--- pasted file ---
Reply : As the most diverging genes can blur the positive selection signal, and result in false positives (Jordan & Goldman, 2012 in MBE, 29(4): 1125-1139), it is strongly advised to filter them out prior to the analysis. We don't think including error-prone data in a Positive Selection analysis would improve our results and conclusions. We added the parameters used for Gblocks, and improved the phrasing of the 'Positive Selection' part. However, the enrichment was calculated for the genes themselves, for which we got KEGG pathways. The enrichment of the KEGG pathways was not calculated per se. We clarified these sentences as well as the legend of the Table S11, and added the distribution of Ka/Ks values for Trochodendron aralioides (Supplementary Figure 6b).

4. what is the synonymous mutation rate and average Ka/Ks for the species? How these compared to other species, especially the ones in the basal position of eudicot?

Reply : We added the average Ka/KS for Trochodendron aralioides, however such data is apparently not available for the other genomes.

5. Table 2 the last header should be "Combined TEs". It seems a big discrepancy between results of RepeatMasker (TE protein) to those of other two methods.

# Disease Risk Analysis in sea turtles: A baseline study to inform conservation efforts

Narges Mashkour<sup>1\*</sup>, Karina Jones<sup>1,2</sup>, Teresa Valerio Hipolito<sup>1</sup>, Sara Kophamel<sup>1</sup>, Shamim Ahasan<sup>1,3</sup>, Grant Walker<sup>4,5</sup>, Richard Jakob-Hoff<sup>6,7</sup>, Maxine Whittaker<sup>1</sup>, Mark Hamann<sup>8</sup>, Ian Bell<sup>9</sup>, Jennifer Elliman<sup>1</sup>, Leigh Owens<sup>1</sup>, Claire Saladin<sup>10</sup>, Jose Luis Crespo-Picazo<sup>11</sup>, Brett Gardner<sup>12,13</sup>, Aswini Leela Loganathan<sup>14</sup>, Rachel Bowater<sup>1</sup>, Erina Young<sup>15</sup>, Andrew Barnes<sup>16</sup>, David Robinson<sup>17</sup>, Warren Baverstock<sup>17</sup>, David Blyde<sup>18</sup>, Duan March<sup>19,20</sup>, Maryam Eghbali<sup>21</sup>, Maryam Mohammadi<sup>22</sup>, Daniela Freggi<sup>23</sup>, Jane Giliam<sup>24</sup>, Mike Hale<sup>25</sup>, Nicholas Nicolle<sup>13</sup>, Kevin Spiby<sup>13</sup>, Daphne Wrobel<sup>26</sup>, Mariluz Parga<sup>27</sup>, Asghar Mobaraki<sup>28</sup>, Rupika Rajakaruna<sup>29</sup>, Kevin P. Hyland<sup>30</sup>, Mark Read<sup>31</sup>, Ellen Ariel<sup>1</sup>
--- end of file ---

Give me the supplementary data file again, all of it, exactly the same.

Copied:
Reply : As the most diverging genes can blur the positive selection signal, and result in false positives (Jordan & Goldman, 2012 in MBE, 29(4): 1125-1139), it is strongly advised to filter them out prior to the analysis. We don't think including error-prone data in a Positive Selection analysis would improve our results and conclusions. We added the parameters used for Gblocks, and improved the phrasing of the 'Positive Selection' part. However, the enrichment was calculated for the genes themselves, for which we got KEGG pathways. The enrichment of the KEGG pathways was not calculated per se. We clarified these sentences as well as the legend of the Table S11, and added the distribution of Ka/Ks values for Trochodendron aralioides (Supplementary Figure 6b).

4. what is the synonymous mutation rate and average Ka/Ks for the species? How these compared to other species, especially the ones in the basal position of eudicot?

Reply : We added the average Ka/KS for Trochodendron aralioides, however such data is apparently not available for the other genomes.

5. Table 2 the last header should be "Combined TEs". It seems a big discrepancy between results of RepeatMasker (TE protein) to those of other two methods.

# Disease Risk Analysis in sea turtles: A baseline study to inform conservation efforts

Narges Mashkour<sup>1\*</sup>, Karina Jones<sup>1,2</sup>, Teresa Valerio Hipolito<sup>1</sup>, Sara Kophamel<sup>1</sup>, Shamim Ahasan<sup>1,3</sup>, Grant Walker<sup>4,5</sup>, Richard Jakob-Hoff<sup>6,7</sup>, Maxine Whittaker<sup>1</sup>, Mark Hamann<sup>8</sup>, Ian Bell<sup>9</sup>, Jennifer Elliman<sup>1</sup>, Leigh Owens<sup>1</sup>, Claire Saladin<sup>10</sup>, Jose Luis Crespo-Picazo<sup>11</sup>, Brett Gardner<sup>12,13</sup>, Aswini Leela Loganathan<sup>14</sup>, Rachel Bowater<sup>1</sup>, Erina Young<sup>15</sup>, Andrew Barnes<sup>16</sup>, David Robinson<sup>17</sup>, Warren Baverstock<sup>17</sup>, David Blyde<sup>18</sup>, Duan March<sup>19,20</sup>, Maryam Eghbali<sup>21</sup>, Maryam Mohammadi<sup>22</sup>, Daniela Freggi<sup>23</sup>, Jane Giliam<sup>24</sup>, Mike Hale<sup>25</sup>, Nicholas Nicolle<sup>13</sup>, Kevin Spiby<sup>13</sup>, Daphne Wrobel<sup>26</sup>, Mariluz Parga<sup>27</sup>, Asghar Mobaraki<sup>28</sup>, Rupika Rajakaruna<sup>29</sup>, Kevin P. Hyland<sup>30</sup>, Mark Read<sup>31</sup>, Ellen Ariel<sup>1</sup>